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CQC – New Fundamental Standards: Part 3,The Standards

New Fundamental Standards Part 3The QCS team is here to help you easily and confidently transition to the new inspection regime

This article will expand on the Fundamental Standards themselves.

The Standards

The CQC now proposes that eleven Fundamental Standards be introduced, below which no provider will be expected to fail, backed by swift and effective enforcement action.

The eleven proposed Standards give rise to the five Key Questions the CQC will ask of each Service:

  • Is it Safe, protecting people from abuse and avoidable harm?
  • Is it Effective, with care, treatment and support achieving good outcomes, promoting good quality of life, and being evidence-based wherever possible?
  • Is it Caring, with staff involving people and treating them with compassion, kindness, dignity and respect?
  • Is it Responsive, with services organised in such a way as to meet people’s individual needs?
  • Is it Well-led, with leadership, management and governance asserting the delivery of high quality person-centred care, supporting learning and innovation, and promoting an open and fair culture?

In order to focus inspections and judgements on the Fundamental Standards, inspectors will use a set of question formats termed Key Lines of Enquiry (KLOEs). Each KLOE set will include a mandatory set of enquiries which will be checked on every inspection, plus four other enquiries as indicated by the inspector’s knowledge of the Service, intelligence gathered, or concerns raised. The KLOEs will be expanded by “prompts”, which will define the particular evidence which the inspector will look for. An advantage of this approach will be improved levels of consistency between inspections of the same Service over time, and between Services.

Attention is drawn in the Consultation to the CQC’s principle of promotion of Equality and Human Rights. The new approach is said to be firmly based on this principle. In consequence, the underlying approach of inspection will be to look at what rights people hold, as opposed to what the Service should do for people.

The human rights approach will underpin the examination of the eleven Fundamental Standards, each of which will be scrutinised through the filters of fairness, respect, equality, dignity, autonomy, rights to life, and rights for staff. In addition to underpinning the KLOEs, the human rights approach will similarly reinforce the proposed ratings system, Intelligent Monitoring, inspection methods, learning and development of the CQC staff, and the CQC’s own policies and procedures.

Key Lines of Enquiry

Each of the five Key Questions is expanded by Key Lines of Enquiry. As the name suggests, these are the more detailed requirements which the CQC will expect to see during inspections, supporting each of the Key Questions.

Each service sub-type has its own set ok KLOEs, for instance, community services, residential services, mental health services.

Taking the community KLOEs as an example, each Key Questions has a number of KLOEs to expand it.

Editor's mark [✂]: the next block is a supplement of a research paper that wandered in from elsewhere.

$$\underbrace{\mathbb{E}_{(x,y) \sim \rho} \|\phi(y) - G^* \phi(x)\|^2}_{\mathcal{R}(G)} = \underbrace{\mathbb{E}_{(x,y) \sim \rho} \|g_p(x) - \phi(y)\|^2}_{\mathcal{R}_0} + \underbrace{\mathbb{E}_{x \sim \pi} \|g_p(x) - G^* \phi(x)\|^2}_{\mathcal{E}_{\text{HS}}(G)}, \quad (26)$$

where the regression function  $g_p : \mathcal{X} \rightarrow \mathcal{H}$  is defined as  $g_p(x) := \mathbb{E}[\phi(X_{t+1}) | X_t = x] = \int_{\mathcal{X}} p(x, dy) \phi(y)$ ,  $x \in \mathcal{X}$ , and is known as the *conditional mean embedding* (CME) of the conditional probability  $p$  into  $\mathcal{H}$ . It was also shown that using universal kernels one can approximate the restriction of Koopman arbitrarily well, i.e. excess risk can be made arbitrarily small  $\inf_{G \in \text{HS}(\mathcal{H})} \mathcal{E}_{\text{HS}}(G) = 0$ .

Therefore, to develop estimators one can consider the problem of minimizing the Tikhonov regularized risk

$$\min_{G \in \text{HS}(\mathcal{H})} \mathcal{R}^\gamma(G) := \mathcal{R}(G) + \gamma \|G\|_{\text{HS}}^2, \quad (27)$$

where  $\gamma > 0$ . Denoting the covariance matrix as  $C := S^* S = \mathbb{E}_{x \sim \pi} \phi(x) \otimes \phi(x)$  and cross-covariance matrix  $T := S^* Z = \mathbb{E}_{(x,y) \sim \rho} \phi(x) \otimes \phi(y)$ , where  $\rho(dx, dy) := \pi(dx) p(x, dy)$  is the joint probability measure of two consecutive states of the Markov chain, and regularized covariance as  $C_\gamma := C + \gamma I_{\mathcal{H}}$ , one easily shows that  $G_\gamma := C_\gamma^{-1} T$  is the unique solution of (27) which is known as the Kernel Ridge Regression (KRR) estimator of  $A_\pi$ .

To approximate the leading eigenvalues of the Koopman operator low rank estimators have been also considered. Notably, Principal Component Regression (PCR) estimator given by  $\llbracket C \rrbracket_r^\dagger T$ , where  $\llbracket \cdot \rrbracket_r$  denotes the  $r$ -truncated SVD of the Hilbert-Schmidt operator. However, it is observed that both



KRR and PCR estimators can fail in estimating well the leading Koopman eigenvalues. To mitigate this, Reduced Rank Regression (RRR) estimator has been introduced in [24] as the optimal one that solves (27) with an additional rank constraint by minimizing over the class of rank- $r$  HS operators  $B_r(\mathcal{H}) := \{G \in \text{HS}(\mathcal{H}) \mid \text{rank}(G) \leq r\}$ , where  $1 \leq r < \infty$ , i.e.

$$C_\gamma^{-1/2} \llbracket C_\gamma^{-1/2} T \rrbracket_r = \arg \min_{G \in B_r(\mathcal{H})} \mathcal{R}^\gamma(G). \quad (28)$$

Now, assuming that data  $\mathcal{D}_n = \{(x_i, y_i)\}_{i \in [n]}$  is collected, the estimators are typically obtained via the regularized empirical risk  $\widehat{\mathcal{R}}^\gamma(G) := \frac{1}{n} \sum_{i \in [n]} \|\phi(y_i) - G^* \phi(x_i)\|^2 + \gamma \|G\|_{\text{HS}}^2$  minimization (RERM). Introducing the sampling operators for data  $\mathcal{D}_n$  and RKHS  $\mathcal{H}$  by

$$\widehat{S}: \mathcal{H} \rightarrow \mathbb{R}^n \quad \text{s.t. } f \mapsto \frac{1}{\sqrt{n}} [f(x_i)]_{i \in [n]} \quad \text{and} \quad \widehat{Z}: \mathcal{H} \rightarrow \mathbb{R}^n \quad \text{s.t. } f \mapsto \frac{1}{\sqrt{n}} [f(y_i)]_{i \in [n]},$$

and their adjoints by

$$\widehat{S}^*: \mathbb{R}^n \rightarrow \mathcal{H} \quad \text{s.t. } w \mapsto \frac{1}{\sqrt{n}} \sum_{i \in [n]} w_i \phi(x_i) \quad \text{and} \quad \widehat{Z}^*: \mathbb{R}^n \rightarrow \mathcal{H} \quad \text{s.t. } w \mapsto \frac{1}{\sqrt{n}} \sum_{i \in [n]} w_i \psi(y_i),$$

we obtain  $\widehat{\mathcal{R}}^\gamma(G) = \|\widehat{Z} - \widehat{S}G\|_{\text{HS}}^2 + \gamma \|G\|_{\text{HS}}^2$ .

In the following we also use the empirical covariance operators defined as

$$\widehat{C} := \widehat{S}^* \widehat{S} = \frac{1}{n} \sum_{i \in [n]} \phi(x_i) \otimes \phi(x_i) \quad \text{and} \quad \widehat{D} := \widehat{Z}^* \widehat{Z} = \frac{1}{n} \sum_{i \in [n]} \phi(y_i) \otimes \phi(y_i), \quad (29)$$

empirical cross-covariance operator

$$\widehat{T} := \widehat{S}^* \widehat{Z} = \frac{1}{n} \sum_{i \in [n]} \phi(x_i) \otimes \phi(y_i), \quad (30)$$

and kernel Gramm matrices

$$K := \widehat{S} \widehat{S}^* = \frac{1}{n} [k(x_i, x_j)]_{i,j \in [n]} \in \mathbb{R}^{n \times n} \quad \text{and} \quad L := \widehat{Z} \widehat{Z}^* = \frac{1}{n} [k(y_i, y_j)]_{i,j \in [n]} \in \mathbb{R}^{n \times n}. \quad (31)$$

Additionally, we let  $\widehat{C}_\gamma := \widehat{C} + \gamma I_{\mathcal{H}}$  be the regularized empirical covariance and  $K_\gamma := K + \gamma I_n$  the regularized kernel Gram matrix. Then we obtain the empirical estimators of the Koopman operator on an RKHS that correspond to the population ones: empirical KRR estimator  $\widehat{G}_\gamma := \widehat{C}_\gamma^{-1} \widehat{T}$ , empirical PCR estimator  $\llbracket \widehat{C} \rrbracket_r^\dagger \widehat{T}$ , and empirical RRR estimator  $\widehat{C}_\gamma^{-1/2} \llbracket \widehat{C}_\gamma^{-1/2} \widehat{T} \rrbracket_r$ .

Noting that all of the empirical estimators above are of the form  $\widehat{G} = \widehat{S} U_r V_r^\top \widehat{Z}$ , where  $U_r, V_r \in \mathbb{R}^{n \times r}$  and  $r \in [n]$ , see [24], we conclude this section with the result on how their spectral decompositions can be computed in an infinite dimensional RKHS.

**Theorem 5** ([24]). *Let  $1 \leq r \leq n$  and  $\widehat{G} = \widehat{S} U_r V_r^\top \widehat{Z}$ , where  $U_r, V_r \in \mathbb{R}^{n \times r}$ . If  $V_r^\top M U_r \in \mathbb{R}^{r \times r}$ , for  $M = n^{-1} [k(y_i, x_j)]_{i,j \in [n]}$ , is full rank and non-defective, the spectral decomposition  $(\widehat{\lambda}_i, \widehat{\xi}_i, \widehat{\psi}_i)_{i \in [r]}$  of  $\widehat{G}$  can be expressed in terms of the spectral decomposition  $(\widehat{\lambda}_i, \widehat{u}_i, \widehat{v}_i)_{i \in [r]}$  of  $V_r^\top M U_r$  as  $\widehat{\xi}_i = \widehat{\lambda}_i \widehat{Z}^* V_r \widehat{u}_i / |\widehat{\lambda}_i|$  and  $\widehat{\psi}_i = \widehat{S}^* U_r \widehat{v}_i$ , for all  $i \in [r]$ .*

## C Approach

• Safe - 5 KLOEs
  • Effective - 4 KLOEs
  • Caring - 4 KLOEs
  • Responsive - 3 KLOEs
  • Well-led - 4 KLOEs

Each of the KLOEs has a varying number of prompts to further elucidate the requirement.

As an example, the following is S1, the first KLOE in the community care set.

Part 3 image 3

(Provider Handbook (Adult Social Care) Consultation, Page 34)

Note that this KLOE is highlighted. The implication of this will be discussed in the article about the proposed new Inspection process.

This example demonstrates one factor in the new standards; the language of the detailed requirements is familiar, and is clear. Those who know the Essential Standards and the detailed prompts will feel a sense of comfort from seeing the familiar. However, there are some changes.

There are changes of emphasis, partly as a result of sharpened language and partly because of the focus on safety in particular. Do not lose sight of the fact that the original furore around Stafford, Winterbourne View and Southern Cross centered around the safety of users of the services. It is not surprising therefore that added emphasis has been given to the area of Safety.

The other notable emphasis change, which also arises from the same furore, is the highlighting of Leadership and sound governance of care provider organisations. It has been noted, not before time, that requiring certain processes does not deliver quality services. Good governance, leadership support good management and an achieving, open, effective and safe culture, and the new Fundamental Standard of Well-led focusses on exactly that area.

Overall the KLOEs and prompts are more outcome orientated than process orientated. This is presumably in recognition that processes do not of themselves deliver safe and effective services. The true measure of how a service performs is how the user of the service feels about that performance. The days of ‘Matron knows best’ have long gone, but their replacement, the ‘Professional knows best’ is still with us, and the intention of the Fundamental Standards is to drive professional input to the place it should be, which is advisory and not mandatory on the service user.